In ruling on a Rule 12(b)(6) motion to dismiss, a plaintiff's well-pleaded allegations are accepted as true and the complaint is viewed in the light most favorable to the plaintiff. Bell Atl. Corp. v. Twombly, 550 U.S. 544, 555 (2007). “However, conclusory statements or a ‘formulaic recitation of the elements of a cause of action will not [suffice].' ” EEOC v. Performance Food Grp., Inc., 16 F.Supp.3d 584, 588 (D. Md. 2014) (quoting Twombly, 550 U.S. at 555). To survive a motion to dismiss, a complaint's factual allegations “must be enough to raise a right to relief above the speculative level on the assumption that all the allegations in the complaint are true (even if doubtful in fact).” Twombly, 550 U.S. at 555 (internal citations omitted). “To satisfy this standard, a plaintiff need not ‘forecast' evidence sufficient to prove the elements of the claim. However, the complaint must allege sufficient facts to establish those elements.” Walters v. McMahen, 684 F.3d 435, 439 (4th Cir. 2012) (citation omitted). “ ‘[N]aked assertions' of wrongdoing necessitate some ‘factual enhancement' within the complaint to cross ‘the line between possibility and plausibility of entitlement to relief.' ” Francis v. Giacomelli, 588 F.3d 186, 193 (4th Cir. 2009) (quoting Twombly, 550 U.S. at 557).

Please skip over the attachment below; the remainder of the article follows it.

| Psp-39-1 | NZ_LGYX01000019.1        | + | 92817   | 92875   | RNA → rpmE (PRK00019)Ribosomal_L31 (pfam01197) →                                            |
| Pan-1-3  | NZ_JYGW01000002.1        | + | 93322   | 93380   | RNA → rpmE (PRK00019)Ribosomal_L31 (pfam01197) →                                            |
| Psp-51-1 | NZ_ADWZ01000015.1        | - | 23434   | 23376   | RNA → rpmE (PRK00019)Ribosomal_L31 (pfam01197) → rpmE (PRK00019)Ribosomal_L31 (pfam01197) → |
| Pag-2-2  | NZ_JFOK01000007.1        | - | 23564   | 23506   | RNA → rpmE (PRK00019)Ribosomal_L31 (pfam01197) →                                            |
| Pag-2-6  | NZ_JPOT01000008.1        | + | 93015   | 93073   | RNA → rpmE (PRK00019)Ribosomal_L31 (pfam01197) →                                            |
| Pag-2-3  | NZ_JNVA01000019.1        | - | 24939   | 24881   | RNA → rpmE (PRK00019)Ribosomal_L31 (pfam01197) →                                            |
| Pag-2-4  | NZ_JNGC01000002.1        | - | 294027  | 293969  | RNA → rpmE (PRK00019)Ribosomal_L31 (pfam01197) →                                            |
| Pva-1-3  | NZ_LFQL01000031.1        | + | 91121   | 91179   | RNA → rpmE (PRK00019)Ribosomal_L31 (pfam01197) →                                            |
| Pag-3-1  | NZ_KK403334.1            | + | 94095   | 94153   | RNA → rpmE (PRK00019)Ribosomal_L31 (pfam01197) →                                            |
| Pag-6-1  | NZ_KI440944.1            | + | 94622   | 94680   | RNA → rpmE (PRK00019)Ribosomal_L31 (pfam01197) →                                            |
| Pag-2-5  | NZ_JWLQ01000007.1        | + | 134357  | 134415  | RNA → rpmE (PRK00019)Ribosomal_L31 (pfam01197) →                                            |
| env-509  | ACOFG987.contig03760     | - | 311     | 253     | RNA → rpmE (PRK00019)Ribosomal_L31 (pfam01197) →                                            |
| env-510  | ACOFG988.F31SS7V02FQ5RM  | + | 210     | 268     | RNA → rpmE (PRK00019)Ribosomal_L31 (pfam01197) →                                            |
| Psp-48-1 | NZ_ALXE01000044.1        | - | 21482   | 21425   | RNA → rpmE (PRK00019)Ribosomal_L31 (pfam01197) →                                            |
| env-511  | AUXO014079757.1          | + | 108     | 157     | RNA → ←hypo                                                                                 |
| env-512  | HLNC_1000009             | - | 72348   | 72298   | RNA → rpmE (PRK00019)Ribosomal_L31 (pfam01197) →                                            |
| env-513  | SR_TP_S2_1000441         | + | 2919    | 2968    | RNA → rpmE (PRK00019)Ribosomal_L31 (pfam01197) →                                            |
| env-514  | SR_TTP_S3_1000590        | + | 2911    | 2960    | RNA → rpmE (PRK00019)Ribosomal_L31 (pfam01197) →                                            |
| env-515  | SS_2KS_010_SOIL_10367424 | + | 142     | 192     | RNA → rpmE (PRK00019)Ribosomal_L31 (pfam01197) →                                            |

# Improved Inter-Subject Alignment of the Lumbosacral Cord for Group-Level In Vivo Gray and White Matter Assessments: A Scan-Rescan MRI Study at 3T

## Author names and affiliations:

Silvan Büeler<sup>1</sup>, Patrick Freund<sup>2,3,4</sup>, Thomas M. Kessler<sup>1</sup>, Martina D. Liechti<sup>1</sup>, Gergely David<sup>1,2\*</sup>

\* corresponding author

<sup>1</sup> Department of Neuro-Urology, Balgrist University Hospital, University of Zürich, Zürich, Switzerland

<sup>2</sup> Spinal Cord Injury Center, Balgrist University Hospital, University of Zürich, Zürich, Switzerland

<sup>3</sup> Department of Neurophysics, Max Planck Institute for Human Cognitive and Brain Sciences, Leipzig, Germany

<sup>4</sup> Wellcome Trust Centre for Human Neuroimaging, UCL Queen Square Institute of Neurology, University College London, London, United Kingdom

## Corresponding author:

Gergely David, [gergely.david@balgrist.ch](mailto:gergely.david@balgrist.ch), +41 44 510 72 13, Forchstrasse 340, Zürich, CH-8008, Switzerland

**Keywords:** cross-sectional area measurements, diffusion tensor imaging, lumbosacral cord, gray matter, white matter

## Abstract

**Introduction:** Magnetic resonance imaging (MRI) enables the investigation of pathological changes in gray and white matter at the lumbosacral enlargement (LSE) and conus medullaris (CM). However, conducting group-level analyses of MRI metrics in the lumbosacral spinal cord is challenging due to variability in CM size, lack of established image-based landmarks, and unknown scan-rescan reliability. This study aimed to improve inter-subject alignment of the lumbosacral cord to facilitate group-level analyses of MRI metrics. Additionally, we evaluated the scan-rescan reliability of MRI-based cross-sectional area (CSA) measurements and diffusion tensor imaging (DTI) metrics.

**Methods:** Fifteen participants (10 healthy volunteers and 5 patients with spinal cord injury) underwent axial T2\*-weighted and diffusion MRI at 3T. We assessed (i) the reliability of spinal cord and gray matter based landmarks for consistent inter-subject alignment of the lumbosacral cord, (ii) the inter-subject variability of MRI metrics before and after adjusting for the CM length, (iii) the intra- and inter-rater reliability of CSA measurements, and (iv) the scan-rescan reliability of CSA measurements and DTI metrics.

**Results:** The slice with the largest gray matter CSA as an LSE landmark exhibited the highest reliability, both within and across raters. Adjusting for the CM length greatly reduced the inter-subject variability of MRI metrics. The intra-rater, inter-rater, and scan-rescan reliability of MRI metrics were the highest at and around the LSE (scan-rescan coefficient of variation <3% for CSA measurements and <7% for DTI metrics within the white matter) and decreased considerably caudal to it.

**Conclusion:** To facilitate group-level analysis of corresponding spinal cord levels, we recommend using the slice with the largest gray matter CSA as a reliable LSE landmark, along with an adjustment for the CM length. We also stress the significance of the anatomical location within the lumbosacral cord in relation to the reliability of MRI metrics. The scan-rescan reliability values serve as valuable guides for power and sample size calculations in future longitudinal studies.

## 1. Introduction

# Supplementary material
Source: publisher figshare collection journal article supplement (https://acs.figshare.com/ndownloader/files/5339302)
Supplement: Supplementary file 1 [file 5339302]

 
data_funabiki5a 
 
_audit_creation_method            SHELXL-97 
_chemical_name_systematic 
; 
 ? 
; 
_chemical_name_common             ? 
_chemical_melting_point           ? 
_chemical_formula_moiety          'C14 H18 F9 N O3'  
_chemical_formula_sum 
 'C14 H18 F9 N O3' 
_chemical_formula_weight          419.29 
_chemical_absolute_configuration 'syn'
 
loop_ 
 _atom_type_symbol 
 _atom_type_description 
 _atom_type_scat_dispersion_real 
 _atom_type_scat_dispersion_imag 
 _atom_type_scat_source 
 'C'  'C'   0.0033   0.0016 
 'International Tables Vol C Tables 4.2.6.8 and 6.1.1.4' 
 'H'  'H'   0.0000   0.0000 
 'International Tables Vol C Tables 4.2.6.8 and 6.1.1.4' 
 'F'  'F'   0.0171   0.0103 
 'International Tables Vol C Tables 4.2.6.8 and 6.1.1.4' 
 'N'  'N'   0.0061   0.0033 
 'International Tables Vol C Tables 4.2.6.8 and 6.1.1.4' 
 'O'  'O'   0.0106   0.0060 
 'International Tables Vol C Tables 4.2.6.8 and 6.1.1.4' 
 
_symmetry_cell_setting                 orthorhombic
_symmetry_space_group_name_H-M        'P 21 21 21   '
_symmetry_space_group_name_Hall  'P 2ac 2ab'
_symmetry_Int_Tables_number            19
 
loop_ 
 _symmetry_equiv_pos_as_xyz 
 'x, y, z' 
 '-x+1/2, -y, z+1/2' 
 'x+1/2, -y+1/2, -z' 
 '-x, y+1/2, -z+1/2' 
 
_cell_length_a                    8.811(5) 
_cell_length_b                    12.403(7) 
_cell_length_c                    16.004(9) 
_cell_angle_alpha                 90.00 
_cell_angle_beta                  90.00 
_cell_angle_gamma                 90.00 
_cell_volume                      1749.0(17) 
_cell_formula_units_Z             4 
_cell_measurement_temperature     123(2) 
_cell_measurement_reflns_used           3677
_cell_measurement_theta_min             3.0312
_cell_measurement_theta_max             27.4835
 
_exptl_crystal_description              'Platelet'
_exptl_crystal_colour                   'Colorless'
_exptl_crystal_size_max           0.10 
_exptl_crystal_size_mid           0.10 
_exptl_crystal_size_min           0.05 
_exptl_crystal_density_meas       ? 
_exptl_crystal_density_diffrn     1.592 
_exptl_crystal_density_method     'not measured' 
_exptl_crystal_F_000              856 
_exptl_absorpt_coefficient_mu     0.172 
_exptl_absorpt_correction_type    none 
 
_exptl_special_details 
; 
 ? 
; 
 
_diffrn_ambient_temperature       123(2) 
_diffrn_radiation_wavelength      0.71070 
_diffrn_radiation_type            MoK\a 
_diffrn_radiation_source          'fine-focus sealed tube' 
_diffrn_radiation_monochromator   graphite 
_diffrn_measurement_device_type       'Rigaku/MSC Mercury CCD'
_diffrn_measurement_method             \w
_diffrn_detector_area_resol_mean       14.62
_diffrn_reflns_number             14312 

A. Fraud (Count One)

         Taking the facts as pleaded in the Complaint, Watson plainly fails to state a claim for fraud. Under Maryland law, to state a claim for fraud a plaintiff must plausibly aver that: (1) the defendant made a false statement; (2) the defendant was aware that the statement was false; (3) the misrepresentation was made for the purpose of defrauding the plaintiff; (4) the plaintiff not only relied upon the misrepresentation, but had the right to do so, and would not have taken that action if the false statement had not been made; and (5) as a direct result of the misrepresentation, the plaintiffs suffered damages. See James v. Weisheit, 279 Md. 41, 44 (1977); Barr v. Flagstar Bank, FSB, 303 F.Supp.3d 400 (D. Md. 2018). Additionally, all claims alleging fraud must be pleaded with particularity. See Fed. R. Civ. 9(b); see also Harrison v. Westinghouse Savannah River Co., 176 F.3d 776, 784 (4th Cir. 1999); Bell v. Bank of Am., N.A., No. RDB-13-0478, 2013 WL 6528966, at *1 (D. Md. Dec. 11, 2013). The claim, at a minimum, must identify the “time, place, and contents of the false representations, as well as the identity of the person making the misrepresentation and what he obtained thereby.” Harrison 176 F.3d at 784 (citation omitted).